Posted by umbrae (1073 comments )
Reply Link Flag
Oh, this isnt really about "other countries"...
This is actually about the U.S. Government USING other countries as an END-AROUND to the American legal-system ...where, these days, the FEDS apparently do NOT think they would have a chance, in Hell, of permanently getting this kind of power over the American-People, through ANY LEGITIMATE-LEGISLATION or COURT-ACTIONS.

And, as such, this is TOTALLY DISINGENUOUS...

I especially love the BS rhetoric, "... to target a broad swath of activities, including unauthorized intrusions into networks, fraud, the release of worms and viruses, child pornography and..." (>>>ACTUALLY, PROBABLY, MOST IMPORTANTLY<<<) "...copyright infringement" about priorities.

But, at its core, this is REALLY about SURVEILLANCE of people without "Due Process". This is about forcing Americans to be accountable to the RESTRICTIVE, and often Un-Constitutional Laws of other countries. So, this is about side-stepping the U.S. Constitution when OUR, now, apparently wholly-corrupt Government finds the document, more and more, INCONVENIENT, ...EVERYDAY.

Frankly, this HAS become a very TIRED-PLOY. First the Federal-Government PUSHES, and then SIGNS an "International Treaty" (which clearly VIOLATES "...the Will of the People", and/or theyre RIGHTS). And, then hastily creates new Federal-Laws to ENACT said "treaty", claiming that the "new Laws" HAD to be created to meet "...our International obligations", ...thereby completely sidestepping any impediments to the IMPOSITION of the wishes of a, few, POWERFUL-INTERESTS.
Posted by Had_to_be_said (384 comments )
Link Flag
Found a related link on
I found a related link to this story on about a week ago, but I can't locate it now. Was on the ZD network I think ...
Posted by JoeCrow (83 comments )
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effects of this treaty.....
According to the dissucssion I have made in other places this means a country has no power if another country decides to persecute a site or person located in target country if their laws are violated.

This can also happen weither the persecuting
country's laws violate target country's laws or constitution or not especially on levels of persecution and tolerance. This can be a tricky situation when the two countries in question have conflicting terms and definitions of such crimes. Some to the point of them cancelling each other out

This is fine for the things that everyone hates (such as hacking, theft and some levels of copyright infringment) but items of free speech and hate material or levels of objectionable material (such as adult sites)

What happens when one party says that something is illegal and another says its not. is this going to make everything that makes for such good discussion on the net objectionable to someone?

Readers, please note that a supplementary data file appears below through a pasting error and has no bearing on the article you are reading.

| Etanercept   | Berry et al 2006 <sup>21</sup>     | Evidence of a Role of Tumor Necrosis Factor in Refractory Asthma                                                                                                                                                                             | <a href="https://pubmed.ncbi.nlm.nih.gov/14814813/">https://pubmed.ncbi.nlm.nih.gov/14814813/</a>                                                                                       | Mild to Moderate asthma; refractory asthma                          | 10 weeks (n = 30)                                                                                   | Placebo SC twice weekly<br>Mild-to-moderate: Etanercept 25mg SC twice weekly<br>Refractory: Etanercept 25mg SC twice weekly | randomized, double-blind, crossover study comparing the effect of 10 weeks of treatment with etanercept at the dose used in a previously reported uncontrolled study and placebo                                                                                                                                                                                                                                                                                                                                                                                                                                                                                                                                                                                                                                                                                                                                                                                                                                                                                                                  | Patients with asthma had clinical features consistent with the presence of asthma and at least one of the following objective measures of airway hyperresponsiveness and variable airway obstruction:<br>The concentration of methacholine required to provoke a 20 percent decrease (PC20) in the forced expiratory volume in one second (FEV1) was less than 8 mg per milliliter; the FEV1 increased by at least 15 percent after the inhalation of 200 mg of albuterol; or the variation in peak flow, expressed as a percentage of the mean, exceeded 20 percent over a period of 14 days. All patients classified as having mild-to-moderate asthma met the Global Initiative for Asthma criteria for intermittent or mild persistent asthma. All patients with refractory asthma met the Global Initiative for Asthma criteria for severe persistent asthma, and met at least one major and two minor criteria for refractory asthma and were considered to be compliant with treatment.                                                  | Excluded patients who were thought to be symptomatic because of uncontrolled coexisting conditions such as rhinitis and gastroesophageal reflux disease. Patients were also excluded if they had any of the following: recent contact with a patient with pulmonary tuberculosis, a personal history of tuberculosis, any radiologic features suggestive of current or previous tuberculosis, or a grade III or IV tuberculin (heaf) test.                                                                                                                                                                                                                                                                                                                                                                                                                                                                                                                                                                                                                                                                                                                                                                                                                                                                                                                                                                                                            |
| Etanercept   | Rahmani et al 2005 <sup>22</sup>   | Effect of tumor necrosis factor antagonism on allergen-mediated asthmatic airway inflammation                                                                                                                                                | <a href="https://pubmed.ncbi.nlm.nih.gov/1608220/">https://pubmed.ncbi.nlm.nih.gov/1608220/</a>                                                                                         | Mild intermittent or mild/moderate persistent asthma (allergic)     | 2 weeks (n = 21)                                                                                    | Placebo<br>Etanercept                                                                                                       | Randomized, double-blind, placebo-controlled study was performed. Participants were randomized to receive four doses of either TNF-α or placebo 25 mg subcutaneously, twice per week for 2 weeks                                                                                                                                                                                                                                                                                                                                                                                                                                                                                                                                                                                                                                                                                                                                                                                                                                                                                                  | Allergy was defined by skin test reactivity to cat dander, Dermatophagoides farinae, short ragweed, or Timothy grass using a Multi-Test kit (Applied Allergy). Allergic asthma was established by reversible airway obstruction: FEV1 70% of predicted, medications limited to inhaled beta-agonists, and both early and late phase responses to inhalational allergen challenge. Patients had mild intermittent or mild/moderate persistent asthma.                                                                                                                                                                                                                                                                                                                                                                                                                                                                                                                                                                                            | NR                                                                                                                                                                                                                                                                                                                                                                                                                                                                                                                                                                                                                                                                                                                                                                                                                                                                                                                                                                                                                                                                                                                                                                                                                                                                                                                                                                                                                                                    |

because apparently every other nation has to cooperate with another because of internatonal law?

Does it reduce all content on the net to zero before its illegal (lowest common multiple?) because anything that would incite any discussion would be illegal somewhere even if its not in your country. What if that meant persecution in said country would violate target country's constitution (such as countries that have abolished the death penalty an turning persons over to places with such punishment and/or who have known human rights issues in prisons and such things)

on top of that you wouldnt have any recourse against said country and would face such persecution as if you were in that country (even though you posted/used material outside of that country and any servers therein. Even though you broke no laws of your country.

this my law is your law philosophy is going to prove very very interesting because it makes all participating countries laws invalid. is this an item of bigger things to come?
Posted by neochu (1 comment )
Reply Link Flag
very nicely said
freedom is the one thing we,(America)ave fought all our war's for,with this law in place we have opened our contry to any who wish to come in & take over our right's.
This law will not stop the things it's suppose to. The one's who wish to do what this law is suppose to stop will go deeper,& open the door for other country's.

The only good thing,(that may happen) is if enough wire's are tapped,& enough email's are read the goverment may see how p/o'ed the people are!
Posted by Earl (60 comments )
Link Flag
who is this meant to stop? and that's who. child porn and hacking? come on. this is the **AA, bought and paid for.

you can thank your coin-operated legislators (and the lobbysits whose coins operate them) for this one.
Posted by chris__anderson (23 comments )
Link Flag
fine for the things that everyone hates
<a class="jive-link-external" href="" target="_newWindow"></a>
Posted by Ipod Apple (152 comments )
Link Flag
Freedom in our country
This is what we have fought all our War's over,not to ruled by another country's laws.

I myself don't give a d**m abought the law's of another country's law's, or what they think I should,or shouldn't do or say.

The goverment has been trying to rewrite the contistution for years, &#38; haven't been able to do so, but with these new law's are bending it enought to suit there needs.
Posted by Earl (60 comments )
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three words

george and george bush suck rat weenie
Posted by R Me (196 comments )
Reply Link Flag